Types of Social Enterprise — Integrated Model

When operations and impact overlap slightly.

In a previous blog post we looked at the different types of social enterprise model, and this time we’re delving deeper into the integrated model.

The integrated model often sees a social enterprise’s income generating activity partly fund some of the social activities within the social enterprise. At the same time the business side of things will also directly contribute to other forms of social good. However the product or service they offer is unlikely to solve some sort social or environmental need.

One common integrated model is where the social enterprise sells one product, but charges a premium to one customer which ultimately subsidises the other.


Example 1 — Aravind Eye Care

This great example of a social enterprise in India identified the problem in rural villages where it was very hard for locals to access adequate eye care services. There was no provision for them locally, the nearest one could be hundreds of miles away and then there was the problem with affordability.

Aravind solved this by offering subsidised outreach services for the villagers, whilst charging those who could afford it an appropriate amount that would subsidise the outreach service. They went that bit further too by making sure the doctors working with clients saw both types, those in the towns and in the village, to avoid creating a two-tier service.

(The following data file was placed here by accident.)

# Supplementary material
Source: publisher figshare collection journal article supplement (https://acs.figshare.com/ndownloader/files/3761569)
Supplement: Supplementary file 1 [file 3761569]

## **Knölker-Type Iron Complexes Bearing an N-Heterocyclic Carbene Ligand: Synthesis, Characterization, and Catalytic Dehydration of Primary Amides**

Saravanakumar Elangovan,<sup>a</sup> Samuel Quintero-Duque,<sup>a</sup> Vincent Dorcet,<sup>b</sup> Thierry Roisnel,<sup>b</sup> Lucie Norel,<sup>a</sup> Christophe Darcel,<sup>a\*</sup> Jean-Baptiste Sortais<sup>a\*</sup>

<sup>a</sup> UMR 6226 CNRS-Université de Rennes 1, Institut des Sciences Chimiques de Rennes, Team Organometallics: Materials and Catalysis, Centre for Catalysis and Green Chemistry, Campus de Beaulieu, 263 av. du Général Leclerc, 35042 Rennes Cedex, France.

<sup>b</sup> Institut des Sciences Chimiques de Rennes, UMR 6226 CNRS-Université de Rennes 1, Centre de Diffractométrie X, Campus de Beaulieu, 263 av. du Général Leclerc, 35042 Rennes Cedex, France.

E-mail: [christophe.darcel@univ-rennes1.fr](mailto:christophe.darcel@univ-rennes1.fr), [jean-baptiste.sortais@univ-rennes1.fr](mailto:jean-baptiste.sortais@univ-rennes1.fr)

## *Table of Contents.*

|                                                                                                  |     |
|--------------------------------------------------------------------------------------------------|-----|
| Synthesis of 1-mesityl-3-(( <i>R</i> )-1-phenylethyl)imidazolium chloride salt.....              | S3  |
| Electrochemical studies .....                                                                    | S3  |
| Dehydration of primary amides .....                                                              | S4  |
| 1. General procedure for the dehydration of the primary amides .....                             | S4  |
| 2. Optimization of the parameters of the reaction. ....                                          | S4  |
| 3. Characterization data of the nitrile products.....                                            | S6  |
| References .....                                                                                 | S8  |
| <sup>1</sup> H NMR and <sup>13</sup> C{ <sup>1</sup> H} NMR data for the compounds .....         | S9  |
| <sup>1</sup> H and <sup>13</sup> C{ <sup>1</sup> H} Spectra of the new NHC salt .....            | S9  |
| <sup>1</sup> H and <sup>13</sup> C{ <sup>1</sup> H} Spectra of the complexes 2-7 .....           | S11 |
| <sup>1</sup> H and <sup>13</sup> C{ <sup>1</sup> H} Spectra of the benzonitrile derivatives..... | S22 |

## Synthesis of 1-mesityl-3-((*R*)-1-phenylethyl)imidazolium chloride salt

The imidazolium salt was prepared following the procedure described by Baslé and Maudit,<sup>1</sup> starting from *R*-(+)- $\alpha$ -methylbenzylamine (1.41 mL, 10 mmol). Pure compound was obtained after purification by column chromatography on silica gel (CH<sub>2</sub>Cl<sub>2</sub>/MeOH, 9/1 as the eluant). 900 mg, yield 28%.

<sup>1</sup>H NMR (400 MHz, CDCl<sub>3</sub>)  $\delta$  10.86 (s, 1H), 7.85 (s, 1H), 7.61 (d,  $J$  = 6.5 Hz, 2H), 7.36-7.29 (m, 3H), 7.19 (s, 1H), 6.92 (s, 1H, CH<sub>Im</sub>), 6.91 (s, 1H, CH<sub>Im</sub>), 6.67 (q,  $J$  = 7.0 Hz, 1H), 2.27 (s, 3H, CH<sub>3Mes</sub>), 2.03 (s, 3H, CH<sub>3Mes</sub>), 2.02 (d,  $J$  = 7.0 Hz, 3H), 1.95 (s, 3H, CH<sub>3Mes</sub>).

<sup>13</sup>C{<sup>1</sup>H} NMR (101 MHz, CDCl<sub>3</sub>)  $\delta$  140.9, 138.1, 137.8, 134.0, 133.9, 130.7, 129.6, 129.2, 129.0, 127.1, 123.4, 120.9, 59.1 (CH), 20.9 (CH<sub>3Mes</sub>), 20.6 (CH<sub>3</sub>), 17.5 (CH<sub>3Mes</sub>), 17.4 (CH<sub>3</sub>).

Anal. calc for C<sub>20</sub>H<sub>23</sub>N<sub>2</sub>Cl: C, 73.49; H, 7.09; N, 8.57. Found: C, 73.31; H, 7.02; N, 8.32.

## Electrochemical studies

The model has enabled them to expand all over India, and further afield as they work with various African countries in establishing something similar there.


Example 2 — Vesta (Social Bite)

Social Bite are a pretty impressive outfit, running a variety of different projects that aim to eradicate homelessness in Scotland. As part of the charity, they run Vesta, formerly known as Home, a restaurant that offers delicious food and drinks whilst doing a whole lot of other good.

Customers are encouraged to pay-forward meals for the homeless, and this is where the integrated model comes into play. Running as a restaurant it serves customers day and night, and then when people opt to, they then feed their service users using the extra money.

On top of this, they also use the restaurant as a great way to provide training and employment to homeless individuals looking for a return to work. Due to the nature of the restaurant, and the social ethos behind it, getting back into a 9 to 5 is a lot easier when you know the management, colleague and customers have got your back and want you to succeed.


The integrated model absorbs your social or environmental goals into your social enterprise. Meanwhile, the model enables you to take some mainstream ideas and convert them appropriately, since unlike the embedded model, the service or product doesn’t have to directly solve the problem.

The difference between integrated and embedded models can sometimes be a bit blurry, especially as you may have to adapt your operations to keep competitive. Ultimately the point of understanding your model is to be able to explain it to stakeholders and demonstrate the impact you are having because of it.